Just respiratory

Been in the field for 15 years. I've had opportunity to work home care, rehab, some hospital and long term care with vent patients. If it's all about you, there are lots of professions out there. But if you want the honor of caring for those for their very breath and can stand with them in that place, consider respiratory therapy.
—Guest Ron


Don’t go into respiratory; I can’t emphasize this enough. It’s a job that consists of giving breathing treatments to pts., whether they need them or not. Depending on your hospital, you may have a say in it, but mostly, you’ll have to follow the doctor’s orders. There’s no autonomy in this field and no brain power to use. Sure, you’ll have to use critical thinking and skills in an emergency situation, but you won’t be doing anything that other hospital professionals don’t already know. Other duties include ABGs, setting and managing the ventilators, O2 therapy, suctioning. Duties vary among hospitals; ex: some may let their RTs intubate, some don’t. Ask a local hospital to job shadow an RT for a day. If you still think doing treatments all day long, doing vent checks (jotting down the numbers on the vent), drawing blood day in and day out are enjoyable, go for it. But remember, there's no advancement. I dont want anyone to waste their time and money on this field only to be disappointed.
—Guest Oahu

Happy to be an RRT

I read the majority of the posts and I am disappointed at the lack of respect people in our own profession have for what we do. I'm a new grad, got employed immediately in SWFL and enjoy working with my patients in floor, ER or units. We work hard and the pay is good PRN. However, I do not live with eyes wide shut. There are bitter people in the field but there people who love their job as well. We provide an invaluable service and we should all be glad we have a job. I would encourage anyone who is willing to work hard and get a steady paycheck to go for it!! God Bless!!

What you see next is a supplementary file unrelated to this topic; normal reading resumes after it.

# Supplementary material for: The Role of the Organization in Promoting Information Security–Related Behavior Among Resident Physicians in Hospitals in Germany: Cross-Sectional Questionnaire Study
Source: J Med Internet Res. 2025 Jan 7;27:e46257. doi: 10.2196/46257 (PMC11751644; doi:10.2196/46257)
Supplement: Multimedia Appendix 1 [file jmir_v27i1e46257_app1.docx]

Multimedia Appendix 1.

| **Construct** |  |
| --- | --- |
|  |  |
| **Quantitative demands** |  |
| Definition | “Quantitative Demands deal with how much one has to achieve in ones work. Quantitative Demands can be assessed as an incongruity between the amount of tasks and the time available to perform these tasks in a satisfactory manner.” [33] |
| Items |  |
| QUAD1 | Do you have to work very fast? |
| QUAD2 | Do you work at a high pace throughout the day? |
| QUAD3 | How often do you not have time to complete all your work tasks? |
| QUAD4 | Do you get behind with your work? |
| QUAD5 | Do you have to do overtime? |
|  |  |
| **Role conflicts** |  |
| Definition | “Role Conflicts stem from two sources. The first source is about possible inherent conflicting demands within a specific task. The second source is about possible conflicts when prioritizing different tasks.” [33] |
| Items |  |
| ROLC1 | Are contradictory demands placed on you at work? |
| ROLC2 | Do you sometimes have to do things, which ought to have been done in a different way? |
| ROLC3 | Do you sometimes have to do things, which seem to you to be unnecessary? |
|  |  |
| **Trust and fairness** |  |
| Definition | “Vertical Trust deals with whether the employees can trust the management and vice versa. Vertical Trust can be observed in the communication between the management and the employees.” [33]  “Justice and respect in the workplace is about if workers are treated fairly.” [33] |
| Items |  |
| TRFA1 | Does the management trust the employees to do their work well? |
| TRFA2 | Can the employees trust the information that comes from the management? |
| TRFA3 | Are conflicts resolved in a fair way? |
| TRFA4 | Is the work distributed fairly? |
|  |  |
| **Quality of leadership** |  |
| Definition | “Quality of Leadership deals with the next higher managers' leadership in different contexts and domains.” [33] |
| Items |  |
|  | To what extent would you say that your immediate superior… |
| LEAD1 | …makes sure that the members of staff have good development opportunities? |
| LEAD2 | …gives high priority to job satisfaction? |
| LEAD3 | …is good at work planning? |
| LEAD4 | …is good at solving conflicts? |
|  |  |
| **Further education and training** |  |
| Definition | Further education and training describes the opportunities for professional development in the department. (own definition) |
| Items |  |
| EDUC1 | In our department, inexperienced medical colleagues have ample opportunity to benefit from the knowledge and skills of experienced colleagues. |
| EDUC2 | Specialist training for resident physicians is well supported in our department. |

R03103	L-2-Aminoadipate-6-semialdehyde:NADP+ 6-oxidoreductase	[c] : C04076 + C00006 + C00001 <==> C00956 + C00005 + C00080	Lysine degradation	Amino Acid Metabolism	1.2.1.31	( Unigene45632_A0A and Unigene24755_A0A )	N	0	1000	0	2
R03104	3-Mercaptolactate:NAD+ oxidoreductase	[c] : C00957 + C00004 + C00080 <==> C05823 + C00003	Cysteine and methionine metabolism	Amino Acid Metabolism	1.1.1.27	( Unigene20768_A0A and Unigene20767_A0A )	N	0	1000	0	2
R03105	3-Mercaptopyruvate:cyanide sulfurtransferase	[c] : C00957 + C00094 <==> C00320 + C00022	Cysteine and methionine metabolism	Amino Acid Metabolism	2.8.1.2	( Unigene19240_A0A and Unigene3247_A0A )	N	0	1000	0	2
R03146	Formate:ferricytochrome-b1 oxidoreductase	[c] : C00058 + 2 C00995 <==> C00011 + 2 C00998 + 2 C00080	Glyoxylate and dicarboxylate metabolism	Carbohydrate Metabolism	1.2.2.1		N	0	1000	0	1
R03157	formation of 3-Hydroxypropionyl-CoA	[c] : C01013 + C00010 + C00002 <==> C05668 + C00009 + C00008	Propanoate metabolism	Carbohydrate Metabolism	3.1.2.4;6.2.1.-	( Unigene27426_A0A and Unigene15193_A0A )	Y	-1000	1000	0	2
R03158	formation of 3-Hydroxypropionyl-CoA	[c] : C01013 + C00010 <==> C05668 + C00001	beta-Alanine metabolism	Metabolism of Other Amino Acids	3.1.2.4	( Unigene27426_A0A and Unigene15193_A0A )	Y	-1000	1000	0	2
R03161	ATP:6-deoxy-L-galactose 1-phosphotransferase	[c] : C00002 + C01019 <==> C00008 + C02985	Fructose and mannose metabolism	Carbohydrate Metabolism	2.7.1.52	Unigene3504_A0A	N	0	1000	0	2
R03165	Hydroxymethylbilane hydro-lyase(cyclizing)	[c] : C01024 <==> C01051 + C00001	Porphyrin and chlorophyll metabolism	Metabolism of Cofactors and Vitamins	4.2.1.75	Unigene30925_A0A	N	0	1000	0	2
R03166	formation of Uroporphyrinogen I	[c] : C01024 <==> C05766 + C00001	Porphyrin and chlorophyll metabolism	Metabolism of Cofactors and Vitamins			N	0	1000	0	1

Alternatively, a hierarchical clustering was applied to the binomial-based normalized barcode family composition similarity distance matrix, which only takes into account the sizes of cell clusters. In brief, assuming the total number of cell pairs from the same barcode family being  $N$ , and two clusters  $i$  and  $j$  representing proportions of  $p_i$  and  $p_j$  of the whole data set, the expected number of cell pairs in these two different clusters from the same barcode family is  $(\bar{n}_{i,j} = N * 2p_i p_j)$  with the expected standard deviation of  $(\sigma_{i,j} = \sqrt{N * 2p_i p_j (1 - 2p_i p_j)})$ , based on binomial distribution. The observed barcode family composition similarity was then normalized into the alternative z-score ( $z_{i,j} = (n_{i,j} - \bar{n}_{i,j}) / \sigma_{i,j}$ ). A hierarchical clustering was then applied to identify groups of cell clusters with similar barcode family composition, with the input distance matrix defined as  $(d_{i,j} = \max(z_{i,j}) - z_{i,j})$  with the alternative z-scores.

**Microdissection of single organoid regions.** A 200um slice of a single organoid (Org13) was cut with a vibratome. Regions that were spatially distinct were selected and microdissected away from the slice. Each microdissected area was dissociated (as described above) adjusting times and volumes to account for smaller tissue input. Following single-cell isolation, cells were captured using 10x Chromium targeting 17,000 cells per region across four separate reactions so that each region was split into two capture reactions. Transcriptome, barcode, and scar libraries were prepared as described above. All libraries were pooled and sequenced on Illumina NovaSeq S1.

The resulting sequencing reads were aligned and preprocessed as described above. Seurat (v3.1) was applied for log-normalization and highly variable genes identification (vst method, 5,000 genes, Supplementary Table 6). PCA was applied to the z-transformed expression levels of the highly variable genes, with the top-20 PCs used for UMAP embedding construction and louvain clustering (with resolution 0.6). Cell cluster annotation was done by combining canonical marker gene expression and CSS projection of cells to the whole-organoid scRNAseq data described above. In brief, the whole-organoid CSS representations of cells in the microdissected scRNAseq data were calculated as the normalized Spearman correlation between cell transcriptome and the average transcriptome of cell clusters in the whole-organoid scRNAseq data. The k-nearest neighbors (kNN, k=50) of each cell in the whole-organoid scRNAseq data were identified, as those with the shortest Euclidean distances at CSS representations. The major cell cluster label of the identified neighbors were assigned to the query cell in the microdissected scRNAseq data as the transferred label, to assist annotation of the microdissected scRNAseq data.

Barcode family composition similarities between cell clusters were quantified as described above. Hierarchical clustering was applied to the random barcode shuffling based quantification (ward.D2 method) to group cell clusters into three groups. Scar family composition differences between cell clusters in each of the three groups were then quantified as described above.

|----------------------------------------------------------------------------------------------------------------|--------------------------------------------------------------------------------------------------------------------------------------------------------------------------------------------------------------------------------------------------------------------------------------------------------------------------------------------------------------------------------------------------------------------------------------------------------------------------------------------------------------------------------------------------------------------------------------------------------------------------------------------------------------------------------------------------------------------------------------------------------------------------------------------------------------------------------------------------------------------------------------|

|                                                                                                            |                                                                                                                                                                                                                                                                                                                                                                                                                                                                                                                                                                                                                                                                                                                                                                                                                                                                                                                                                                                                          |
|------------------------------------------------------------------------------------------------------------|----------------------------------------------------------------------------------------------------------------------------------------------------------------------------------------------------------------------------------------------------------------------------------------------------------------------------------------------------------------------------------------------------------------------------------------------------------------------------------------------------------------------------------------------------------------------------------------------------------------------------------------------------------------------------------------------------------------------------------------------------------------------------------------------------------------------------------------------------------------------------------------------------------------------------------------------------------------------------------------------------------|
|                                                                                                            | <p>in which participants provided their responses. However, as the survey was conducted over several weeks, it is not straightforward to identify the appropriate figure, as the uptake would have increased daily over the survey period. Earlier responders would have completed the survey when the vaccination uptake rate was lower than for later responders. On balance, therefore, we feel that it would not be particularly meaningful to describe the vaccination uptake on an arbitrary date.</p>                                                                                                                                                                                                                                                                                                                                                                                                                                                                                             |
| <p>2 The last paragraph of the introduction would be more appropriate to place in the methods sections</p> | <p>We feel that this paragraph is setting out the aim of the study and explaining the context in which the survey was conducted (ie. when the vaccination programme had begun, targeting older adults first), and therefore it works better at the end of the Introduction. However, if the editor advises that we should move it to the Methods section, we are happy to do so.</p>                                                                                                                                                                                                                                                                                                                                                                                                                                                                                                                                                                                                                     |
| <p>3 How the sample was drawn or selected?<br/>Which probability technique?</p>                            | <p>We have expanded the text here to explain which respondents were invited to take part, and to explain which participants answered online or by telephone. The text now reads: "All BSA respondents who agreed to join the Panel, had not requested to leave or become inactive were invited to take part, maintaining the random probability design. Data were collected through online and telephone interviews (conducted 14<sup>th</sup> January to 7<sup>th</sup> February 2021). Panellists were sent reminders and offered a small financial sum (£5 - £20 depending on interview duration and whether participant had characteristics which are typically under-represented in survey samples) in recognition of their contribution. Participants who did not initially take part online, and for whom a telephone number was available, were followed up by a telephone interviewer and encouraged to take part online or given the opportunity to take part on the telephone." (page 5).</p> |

—Guest Guest Shannon

Really! It's great to be here!!!!

Ok. I have mostly read negative. I'm human... well. On a good day anywhere, you love your job and a bad day, well, you wonder why? I have been a therapist for 18 yrs. I don't love nor hate it. It is. Just like other work, it is. I would not necessarily want my child to do this job, but, I would want him to do it over the military and manual labor. I would want him to do it because he could make some living at it. I would want him to do it, because it fed him and clothed him and sheltered him. When live serves you with better than survival, choose something else. When it's survival, plus a little choose medical. When it's just survival, choose menial. I like what I do and I enjoy saving lives when I can. Today, I choose to be happy being doing what I can. Find your happy place and do it for the day!!!
—Guest RRT in NWArkansas

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The Real Life of a Respiratory Therapist